Progression of Art
Aptly named, this work marks the beginning of Noland's Washington Color School style. Its basic geometric form explores the lively effects of contrasting and complementary colors, depicted in concentric circles, centered on a square canvas. Noland eschewed representation and pictorial depth in favor of focusing on the relationships of the colors. Noland compared his painting to music, saying, "painting without subject matter as music without words." The slight irregularity of the circles and the outer ragged halo of black paint give the work a kind of spontaneous energy, while the circular form draws the viewer's eye back toward the hypnotic center.
Beginning exemplifies the artist's desire to create what he called "one shot" compositions. Noland's technique of staining the canvas meant that his paintings were extremely difficult to revise; what he put on the canvas had to stand as it was without second-guessing. Noland's "one shot" painting sought to overcome, in his estimation, the overworked compositions of the Abstract Expressionists. The Abstract Expressionists claimed that spontaneity was a cornerstone of their processes, but often their canvases were carefully built up over a period of time, sometimes years. Noland felt his paintings were truly spontaneous. As Greenberg wrote of Noland's circles, "His color counts by its clarity and its energy; it is not there neutrally, to be carried by the design and drawing; it does the carrying itself." The concentric circle on a square canvas became an iconic feature of Noland's work. In later works like Birth (1961), he reduced the number of colors, eliminated the penumbra effect, and regularized the concentric circles with hard edges, evolving his reductive approach.
Magna on canvas - Hirshhorn Museum and Sculpture Garden, Washington D.C.
This large canvas exemplifies Louis's Veil (1958-1960) series of paintings, each depicting a similar shape, rendered in translucent 'veils' or layers of magna paint diluted with turpentine. Rather than emphasizing a geometric shape like Noland, Louis creates a more organic form, not nested, but enfolded, while exploring color and transparency. As art historian Karen Wilkin explains, Louis and other Color Field painters believed "that a painting, no matter how apparently restrained, could address the viewer's whole being - emotions, intellect, and all - through the eye, just as music did through the ear."
Creating works like Faces in a very small studio, Louis began by stapling the 20-foot canvas to the wall, then pouring and manipulating streams of paint down the surface. Rather than the artist's brushstroke, the fluidity of the material, drawn by gravity to flow down the pictorial surface, is emphasized. The soak stain approach resulted in the colors melding with the weave of the raw canvas to create a diaphanous, layered effect. Through a veil of darker surface color, remnants of vibrant orange and green create a sense of movement. Relinquishing artistic control over the unpredictable results, Louis let the medium take on its own organic process to create the final result, as the paint itself became the subject. With this emphasis on the paint's own properties, Louis subverts the presence of the artist seen on the canvas, eschewing the unique gesture associated with Abstract Expressionists like Jackson Pollock and Willem de Kooning. Of the Veil series, Greenberg wrote, "The effect conveys a sense not only of color as somehow disembodied, and therefore more purely optical, but also of color as a thing that opens and expands the picture plane," and the art critic Michael Fried wrote, "the surfaces themselves...[spread]... with tremendous authority across the veil configurations as if in compliance with impersonal forces." These forces were to find analogous feelings within the viewer.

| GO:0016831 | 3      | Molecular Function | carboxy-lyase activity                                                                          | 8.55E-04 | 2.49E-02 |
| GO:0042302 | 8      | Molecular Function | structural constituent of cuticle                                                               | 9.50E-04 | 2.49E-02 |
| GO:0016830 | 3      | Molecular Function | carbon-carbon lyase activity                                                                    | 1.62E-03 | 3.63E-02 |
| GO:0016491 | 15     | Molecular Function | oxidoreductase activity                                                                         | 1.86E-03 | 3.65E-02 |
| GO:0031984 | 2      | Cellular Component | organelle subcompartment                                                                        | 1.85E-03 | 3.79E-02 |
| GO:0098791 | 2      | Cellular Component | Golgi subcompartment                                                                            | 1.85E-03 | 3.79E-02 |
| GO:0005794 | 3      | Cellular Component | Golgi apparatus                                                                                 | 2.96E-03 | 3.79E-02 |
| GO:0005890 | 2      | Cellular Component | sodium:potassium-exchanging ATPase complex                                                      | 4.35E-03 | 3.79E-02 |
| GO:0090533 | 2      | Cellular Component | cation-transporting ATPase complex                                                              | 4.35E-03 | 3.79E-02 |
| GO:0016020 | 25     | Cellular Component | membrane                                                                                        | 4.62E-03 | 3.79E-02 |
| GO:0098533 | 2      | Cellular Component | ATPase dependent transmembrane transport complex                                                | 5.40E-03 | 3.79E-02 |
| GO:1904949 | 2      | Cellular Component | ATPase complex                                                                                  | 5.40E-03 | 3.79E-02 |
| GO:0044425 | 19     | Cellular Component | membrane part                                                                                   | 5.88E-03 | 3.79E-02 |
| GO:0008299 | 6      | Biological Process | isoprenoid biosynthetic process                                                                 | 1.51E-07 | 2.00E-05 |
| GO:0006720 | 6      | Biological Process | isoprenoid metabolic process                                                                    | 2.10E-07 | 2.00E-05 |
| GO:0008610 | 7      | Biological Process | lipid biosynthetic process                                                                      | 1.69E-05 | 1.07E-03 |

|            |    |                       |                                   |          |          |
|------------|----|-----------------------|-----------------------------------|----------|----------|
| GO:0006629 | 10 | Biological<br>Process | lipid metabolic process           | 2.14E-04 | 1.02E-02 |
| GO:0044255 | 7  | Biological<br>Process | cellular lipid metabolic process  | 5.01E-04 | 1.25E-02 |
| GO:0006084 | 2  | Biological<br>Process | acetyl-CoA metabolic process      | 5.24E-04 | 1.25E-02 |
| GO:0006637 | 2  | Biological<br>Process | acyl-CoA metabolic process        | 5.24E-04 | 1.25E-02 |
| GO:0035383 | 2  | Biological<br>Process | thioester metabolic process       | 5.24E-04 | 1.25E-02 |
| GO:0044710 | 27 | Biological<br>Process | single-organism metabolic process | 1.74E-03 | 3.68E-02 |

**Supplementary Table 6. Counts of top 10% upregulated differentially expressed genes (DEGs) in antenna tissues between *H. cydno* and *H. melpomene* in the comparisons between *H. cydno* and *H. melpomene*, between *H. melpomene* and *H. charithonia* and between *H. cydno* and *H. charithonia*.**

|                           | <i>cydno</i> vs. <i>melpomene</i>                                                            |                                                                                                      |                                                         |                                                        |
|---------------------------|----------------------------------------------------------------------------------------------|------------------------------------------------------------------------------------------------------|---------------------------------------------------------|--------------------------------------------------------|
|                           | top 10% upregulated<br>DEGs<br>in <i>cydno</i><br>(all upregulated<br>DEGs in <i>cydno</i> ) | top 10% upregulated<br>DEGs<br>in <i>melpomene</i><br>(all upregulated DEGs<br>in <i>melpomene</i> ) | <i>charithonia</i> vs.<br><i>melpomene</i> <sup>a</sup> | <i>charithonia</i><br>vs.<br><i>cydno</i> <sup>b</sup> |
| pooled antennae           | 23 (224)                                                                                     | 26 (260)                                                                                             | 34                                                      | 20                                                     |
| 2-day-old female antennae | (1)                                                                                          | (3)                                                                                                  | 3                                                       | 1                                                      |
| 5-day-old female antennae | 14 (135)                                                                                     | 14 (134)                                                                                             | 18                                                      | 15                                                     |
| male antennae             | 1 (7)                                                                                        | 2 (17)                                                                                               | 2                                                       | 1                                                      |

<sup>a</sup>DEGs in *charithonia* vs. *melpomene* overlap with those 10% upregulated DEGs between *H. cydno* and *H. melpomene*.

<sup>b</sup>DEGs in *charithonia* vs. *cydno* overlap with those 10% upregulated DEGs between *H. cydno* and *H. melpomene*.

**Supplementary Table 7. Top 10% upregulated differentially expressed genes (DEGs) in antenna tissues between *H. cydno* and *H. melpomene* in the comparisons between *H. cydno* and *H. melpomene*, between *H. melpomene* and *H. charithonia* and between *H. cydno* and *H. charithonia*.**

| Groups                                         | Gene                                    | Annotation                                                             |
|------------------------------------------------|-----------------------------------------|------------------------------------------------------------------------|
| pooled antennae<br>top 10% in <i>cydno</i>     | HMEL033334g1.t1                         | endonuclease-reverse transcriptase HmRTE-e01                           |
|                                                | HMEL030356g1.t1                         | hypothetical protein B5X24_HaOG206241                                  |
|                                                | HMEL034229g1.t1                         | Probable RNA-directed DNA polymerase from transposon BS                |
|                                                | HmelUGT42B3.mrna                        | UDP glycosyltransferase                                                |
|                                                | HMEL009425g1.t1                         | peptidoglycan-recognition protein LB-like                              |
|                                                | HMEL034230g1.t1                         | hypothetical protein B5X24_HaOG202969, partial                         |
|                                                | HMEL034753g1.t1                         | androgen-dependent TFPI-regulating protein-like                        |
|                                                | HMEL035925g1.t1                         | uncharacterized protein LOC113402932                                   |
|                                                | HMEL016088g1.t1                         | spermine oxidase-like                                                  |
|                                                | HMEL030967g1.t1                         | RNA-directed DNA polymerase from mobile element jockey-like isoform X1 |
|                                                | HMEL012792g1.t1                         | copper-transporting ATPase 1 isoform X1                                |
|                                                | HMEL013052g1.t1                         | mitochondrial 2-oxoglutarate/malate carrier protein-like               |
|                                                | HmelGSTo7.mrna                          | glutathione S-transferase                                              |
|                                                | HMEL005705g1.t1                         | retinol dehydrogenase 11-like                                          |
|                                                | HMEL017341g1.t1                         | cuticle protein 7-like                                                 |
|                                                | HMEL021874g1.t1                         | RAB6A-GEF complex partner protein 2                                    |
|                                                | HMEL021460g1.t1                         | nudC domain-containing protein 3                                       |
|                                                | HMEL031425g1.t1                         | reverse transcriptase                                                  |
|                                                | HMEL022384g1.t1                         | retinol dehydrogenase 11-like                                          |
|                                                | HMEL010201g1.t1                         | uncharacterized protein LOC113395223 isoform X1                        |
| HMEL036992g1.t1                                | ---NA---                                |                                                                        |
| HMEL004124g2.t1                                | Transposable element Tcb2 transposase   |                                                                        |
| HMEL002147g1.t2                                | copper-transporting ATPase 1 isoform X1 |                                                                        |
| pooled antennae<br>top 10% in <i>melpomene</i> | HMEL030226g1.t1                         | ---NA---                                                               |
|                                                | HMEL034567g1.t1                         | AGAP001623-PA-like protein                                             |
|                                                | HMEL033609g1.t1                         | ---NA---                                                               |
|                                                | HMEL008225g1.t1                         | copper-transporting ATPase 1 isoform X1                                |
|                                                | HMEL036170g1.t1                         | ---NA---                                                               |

Acrylic resin (Magna) on canvas - Smithsonian Museum of American Art, Washington, D.C.
This minimal and static object generates a dynamic energy that belies its simplicity. This large vertical sculpture, including the base, is divided asymmetrically into two shades of red, cleanly delineated from one another. As a result, the asymmetricality creates a kind of optical movement, with the dividing line both receding and projecting depending on one's perspective, and the two reds vie for foreground and background positions. Truit said, "Painted into color, this wooden structure is rendered virtually immaterial. The color is thus set free into space." Trained as a psychologist, she felt color had a psychological vibration, which could be clarified in an artwork, becoming an event, felt as a visual sensation.
Truitt, more than her colleagues in Washington D.C., felt more emotional resonances with the Abstract Expressionists' goals. Residing in Washington, D.C., Truitt's artistic breakthrough in the early 1960s was influenced by the work of Barnett Newman, particularly by his subtle color modulations in the blue double paneled work, Onement VI (1953). As she said of the gallery encounter with Newman's work, "I looked at them, and from that point on I was home free. I had never realized you could do it in art. Have enough space. Enough color."
While her work largely anticipated Minimalist sculpture of the later 1960s, she is more often than not, associated with the Minimalists. She herself insisted, however, "I have never allowed myself, in my own hearing, to be called a minimalist. Because minimal art is characterized by nonreferentiality. And that's not what I am characterized by. [My work] is totally referential. I've struggled all my life to get maximum meaning in the simplest possible form."
Acrylic on wood - National Gallery of Art, Washington, D.C.
This square canvas, symmetrically divided into concentric squares and employing a color palette of speckled blue, orange, and violet, displays Mehring's interest in the surface of color. The basic geometric form of the square becomes, by repetition and variations in size, a complex arrangement of interlocking shapes that draws the viewer's eye to the center. The use of blue in the center of the composition creates dynamic movement, as the adjacent areas, broken up by purples and oranges, have a zigzag effect.